An Emotional Response to Trayvon’s Tragedy

A beige, leather-bound notebook with the word 'Journal' on the front. On top of the book, there is a pen with a blue marble-patterned barrel.

I’ve had a lot to say lately. Image via eHow.

One of the things I’ve been observing as I watch my own writing habits – what I write when I’m writing just for me – is that I tend to chew over people’s motivations a little bit more. I’m not required to defend my position in my own journal, so my focus strays away from bolstering my argument, and that seems to get replaced by considering why someone might hold a position I find repugnant or illogical. I’ve been looking at people’s words, not to evaluate their logic, but to find some understanding of what psychology and emotions underpin the position they take.

Sometimes that leads me to become more empathetic and accepting. For instance, I think it’s pretty clear to readers of this blog that I reject Christianity and Catholicism, but it’s easy to understand the reasons why people might believe in spite of certain problems I might see with their religion: to fit in with family, to find comfort in times of injustice, to feel purpose in their existence. (Note that I’m not saying that’s why they believe – I think believers are sincere – but I think people might gloss over some of these issues because of the benefits and comforts their religions provide.)

But sometimes, considering reasons behind people’s positions reveals prejudices that make me less comfortable with their convictions. For instance, when it becomes clear that a person’s opposition to abortion has more to do with controlling women than with rescuing the unborn, I become really troubled and far less sympathetic. If a person seems to genuinely believe they’re helping babies, I still disagree with them that what they want is best, but I feel more empathy for their position.

I’ve also spent more time examining my own motivations. Why do I find some positions so unworthy of sympathy? What I’ve found is that I just really detest exploitation. If I see people whose positions of powerlessness are being exploited, if I see people being abused, I get mad. And if I see situations being set up for future abuse, I get mad. I could be a social worker if I weren’t so emotional.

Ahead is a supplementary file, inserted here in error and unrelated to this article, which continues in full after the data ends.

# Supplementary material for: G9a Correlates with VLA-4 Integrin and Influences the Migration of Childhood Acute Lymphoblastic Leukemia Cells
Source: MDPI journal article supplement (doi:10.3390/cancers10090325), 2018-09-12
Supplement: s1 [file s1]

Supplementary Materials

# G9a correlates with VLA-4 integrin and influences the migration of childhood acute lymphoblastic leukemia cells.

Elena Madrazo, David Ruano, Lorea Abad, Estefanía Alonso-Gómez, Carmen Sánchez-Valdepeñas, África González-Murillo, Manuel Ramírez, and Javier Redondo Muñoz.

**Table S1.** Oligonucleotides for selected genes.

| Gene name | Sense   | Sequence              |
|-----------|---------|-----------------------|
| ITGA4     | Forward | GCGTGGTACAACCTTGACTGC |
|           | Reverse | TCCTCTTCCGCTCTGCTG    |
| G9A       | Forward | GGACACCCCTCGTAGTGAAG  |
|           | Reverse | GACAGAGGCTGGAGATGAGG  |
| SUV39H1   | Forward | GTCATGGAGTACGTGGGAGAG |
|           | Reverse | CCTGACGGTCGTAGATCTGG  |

In the middle of this process, something devastating and emotional happened. George Zimmerman fell into my field of vision.

A screencap of a Tweet from Amy Davidson, which says, "I still don't understand what Trayvon was supposed to do."

It breaks my heart. Image via Raw Story.

Under the rules of the Florida legal system, Zimmerman probably should have been acquitted, but that just highlights the injustice of the American legal system. The verdict strikes me as profoundly unjust. Lots of people more knowledgeable than I am have talked about the racial aspects, which are very important to the case. But what upset me most was the idea that a person with a violent history and psychology should be given a pass on owning a gun and then, when he kills someone, his violent and entitled psychology gets glossed over at trial.

George Zimmerman, in court, smiling.

The smile of a man who skated past the need to account for his choices. Image via Eben Gregory.

He doesn’t have to account for a history of molestation, racism, and domestic abuse – all of which speaks to a sense of entitlement as well as an antisocial mentality – and the jury gets instructed to ignore anything that happened before the physical fight between Zimmerman and Trayvon began, meaning that anything Zimm did to provoke a fight no longer counts. (Whether Trayvon has sampled weed, however, is apparently relevant.)

Everything I know about abusive, entitled people – and it’s a literal metric fuckton, if you’ll pardon my French – convinces me that Zimmerman decided he wanted to exercise his power over Trayvon, got angry when Trayvon failed to bow and scrape like he felt owed, provoked a fight (possibly with words, possibly using threatening physical tactics that wouldn’t leave a mark, like shoving him), and shot to kill when he started losing.

I don’t think Zimmerman set out to kill that night, but I really think his intent and belief is evident in his remark that “these assholes, they always get away”. That says it all.